4. Existing Forums for Cooperation
Leadership engagement: The Transatlantic Commission on Election Integrity (TCEI), a non-governmental panel established in 2018 to contribute to the efforts against election interference, is a promising initiative attempting to mobilize policymakers and bridge political divides to protect democracy. Joe Biden is a co-chair of the group, which also includes former NATO secretary-general Anders Fogh Rasmussen and former US homeland security secretary Michael Chertoff. The group has called for US and European political candidates and parties to sign a pledge not to ‘aid and abet’ foreign election interference. Calls for politicians to pledge not to use disinformation for domestic campaigns have also surfaced from US independent parties and politicians concerned that influence operations might become the ‘new normal’. The growing number of states affected by disinformation and the professionalization of political manipulation indicate their concerns are justified.
Training ground: Another crucial forum for tackling disinformation is the Hybrid CoE in Helsinki, which operates as a hub of experts in the field and facilitates a dialogue between NATO allies and EU member states. Its work is practical, focusing on capacity-building through research, open source intelligence and countering election interference training sessions, and educational projects. In 2019, the Hybrid CoE is also hosting a workshop on legal resilience to disinformation.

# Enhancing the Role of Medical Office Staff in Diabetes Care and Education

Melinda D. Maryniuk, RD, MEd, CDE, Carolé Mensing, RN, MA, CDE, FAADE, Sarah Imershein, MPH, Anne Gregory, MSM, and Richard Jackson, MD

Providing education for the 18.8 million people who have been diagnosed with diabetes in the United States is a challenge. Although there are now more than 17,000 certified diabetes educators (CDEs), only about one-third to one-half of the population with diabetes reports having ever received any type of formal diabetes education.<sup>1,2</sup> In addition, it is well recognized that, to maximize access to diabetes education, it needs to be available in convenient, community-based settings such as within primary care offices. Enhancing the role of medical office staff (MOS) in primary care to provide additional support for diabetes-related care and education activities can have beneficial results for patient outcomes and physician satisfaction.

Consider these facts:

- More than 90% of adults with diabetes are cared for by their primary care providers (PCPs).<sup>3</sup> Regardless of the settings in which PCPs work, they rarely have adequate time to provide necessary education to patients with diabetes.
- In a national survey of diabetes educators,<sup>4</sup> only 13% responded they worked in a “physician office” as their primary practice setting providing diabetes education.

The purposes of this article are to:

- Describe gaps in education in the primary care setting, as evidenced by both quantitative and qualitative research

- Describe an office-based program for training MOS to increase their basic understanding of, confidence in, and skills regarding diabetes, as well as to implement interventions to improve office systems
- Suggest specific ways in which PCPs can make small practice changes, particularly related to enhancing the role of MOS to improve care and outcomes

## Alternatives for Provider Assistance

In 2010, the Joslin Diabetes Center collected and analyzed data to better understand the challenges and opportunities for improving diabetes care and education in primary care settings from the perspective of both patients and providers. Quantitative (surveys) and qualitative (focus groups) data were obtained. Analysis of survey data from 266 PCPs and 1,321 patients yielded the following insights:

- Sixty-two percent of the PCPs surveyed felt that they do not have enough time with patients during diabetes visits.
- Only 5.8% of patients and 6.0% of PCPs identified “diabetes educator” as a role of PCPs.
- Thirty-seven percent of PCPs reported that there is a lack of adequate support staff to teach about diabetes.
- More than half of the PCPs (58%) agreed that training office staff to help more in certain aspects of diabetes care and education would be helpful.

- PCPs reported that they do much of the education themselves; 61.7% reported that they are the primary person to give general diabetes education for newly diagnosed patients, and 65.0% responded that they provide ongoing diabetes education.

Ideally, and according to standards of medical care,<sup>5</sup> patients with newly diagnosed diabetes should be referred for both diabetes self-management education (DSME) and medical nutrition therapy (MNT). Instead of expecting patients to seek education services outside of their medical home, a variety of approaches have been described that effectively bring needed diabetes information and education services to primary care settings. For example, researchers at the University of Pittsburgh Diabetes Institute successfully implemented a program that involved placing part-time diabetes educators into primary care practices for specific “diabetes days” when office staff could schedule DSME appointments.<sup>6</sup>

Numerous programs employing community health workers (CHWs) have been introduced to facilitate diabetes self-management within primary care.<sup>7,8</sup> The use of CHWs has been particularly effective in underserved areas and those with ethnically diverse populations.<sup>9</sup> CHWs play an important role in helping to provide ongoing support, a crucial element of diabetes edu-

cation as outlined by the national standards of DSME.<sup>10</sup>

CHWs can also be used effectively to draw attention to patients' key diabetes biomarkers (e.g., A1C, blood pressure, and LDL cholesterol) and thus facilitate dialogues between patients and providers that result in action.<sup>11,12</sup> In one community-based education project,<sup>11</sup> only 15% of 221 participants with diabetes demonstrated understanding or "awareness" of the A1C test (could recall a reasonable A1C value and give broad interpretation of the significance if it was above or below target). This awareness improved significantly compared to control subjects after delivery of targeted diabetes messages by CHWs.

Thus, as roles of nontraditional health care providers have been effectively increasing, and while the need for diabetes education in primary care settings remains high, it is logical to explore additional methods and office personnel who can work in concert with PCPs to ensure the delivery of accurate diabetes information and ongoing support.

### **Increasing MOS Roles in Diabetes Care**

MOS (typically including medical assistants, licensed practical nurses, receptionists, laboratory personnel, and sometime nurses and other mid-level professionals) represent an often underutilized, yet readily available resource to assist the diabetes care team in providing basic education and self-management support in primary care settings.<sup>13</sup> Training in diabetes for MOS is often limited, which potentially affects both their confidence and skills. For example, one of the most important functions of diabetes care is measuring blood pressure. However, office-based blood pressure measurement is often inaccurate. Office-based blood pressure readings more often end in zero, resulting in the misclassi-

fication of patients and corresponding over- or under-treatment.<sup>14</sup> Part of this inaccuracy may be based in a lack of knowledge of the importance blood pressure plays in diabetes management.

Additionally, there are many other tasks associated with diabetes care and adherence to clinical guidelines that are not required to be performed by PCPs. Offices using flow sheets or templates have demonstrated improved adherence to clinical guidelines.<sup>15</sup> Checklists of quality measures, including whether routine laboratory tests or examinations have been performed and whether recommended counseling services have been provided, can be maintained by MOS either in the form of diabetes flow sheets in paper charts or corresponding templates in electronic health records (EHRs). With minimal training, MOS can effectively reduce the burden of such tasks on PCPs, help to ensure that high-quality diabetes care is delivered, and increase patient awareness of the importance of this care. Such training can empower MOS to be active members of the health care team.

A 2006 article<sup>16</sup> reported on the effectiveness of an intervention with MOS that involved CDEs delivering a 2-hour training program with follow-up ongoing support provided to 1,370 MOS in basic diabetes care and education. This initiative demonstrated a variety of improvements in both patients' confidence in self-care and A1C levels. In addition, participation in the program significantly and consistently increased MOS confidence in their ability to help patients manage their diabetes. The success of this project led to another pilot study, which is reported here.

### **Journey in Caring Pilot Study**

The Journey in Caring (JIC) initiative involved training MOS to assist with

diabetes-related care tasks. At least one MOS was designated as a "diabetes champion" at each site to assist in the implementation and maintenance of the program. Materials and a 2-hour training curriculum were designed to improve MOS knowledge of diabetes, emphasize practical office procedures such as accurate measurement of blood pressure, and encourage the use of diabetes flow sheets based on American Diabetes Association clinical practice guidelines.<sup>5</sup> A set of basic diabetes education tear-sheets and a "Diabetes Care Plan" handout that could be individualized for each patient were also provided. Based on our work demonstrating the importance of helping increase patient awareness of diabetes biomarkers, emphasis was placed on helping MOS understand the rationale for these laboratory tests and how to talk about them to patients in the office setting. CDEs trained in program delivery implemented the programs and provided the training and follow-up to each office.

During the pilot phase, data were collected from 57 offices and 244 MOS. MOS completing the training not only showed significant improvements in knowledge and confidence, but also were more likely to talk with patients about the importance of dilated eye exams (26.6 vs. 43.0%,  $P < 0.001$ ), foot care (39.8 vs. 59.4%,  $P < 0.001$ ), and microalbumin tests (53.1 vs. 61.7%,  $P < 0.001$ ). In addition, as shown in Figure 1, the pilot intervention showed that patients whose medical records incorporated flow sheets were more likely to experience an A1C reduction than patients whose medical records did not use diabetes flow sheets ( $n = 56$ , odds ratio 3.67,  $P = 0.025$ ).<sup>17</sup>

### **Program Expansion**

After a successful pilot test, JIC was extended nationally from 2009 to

Training, analysis and multi-stakeholder dialogue have also been at the core of the operations of the NATO-accredited StratCom Centre of Excellence in Riga, putting Latvia at the forefront of disinformation research and engagement.
Emergency mechanism: The EU Commission’s Action Plan highlighted the need for the EU to work closely with NATO and the G7. During the Charlevoix Summit in June 2018 the G7 committed to establishing a Rapid Response Mechanism (RRM), tasked with defending democracies from foreign threats, by coordinating efforts in identifying, analysing, understanding and responding to those threats, with disinformation being one of the key issues identified. Canada will be coordinating RRM on an ongoing basis to ensure continuity, its Coordination Unit will work closely alongside G7 presidencies, and following assessment procedures, decisions to implement specific actions will be at the discretion of national decision-making bodies. RRM’s collaboration with the RAS will be coordinated through the EU Focal Point (EU’s designated official).
Drawing on experience: NATO approaches disinformation through the lens of hybrid threats and has intensified its efforts to address them, especially after Russia’s annexation of Crimea and the disinformation strategy it employed in Ukraine. Following its ‘Enhanced Forward Presence’ posture in Baltic States and Poland and in order to protect those deployments from disinformation NATO set up a system of social and legacy media monitoring. According to Piers Cazalet, deputy spokesperson at NATO, the organization’s strategy of monitoring, verifying and responding directly from senior level to disinformation has been effective. For instance, claims by the Russian embassy in the UK, in November 2018, of NATO aggression at Russian borders were addressed head on by NATO spokeswoman Oana Lungescu, and the number of the debunks far exceeded the disinformation the embassy was pushing online. At the same time, strategic silence is being deployed when a story does not get traction. Cazalet noted the organization tries to avoid the pitfall of wasting resources and instead tries to maintain them for proactive strategic communications: ‘There is a point to be made about the use of disinformation to try to distract and divert resource from your opponent.’ NATO has also committed to working with the EU on hybrid threats.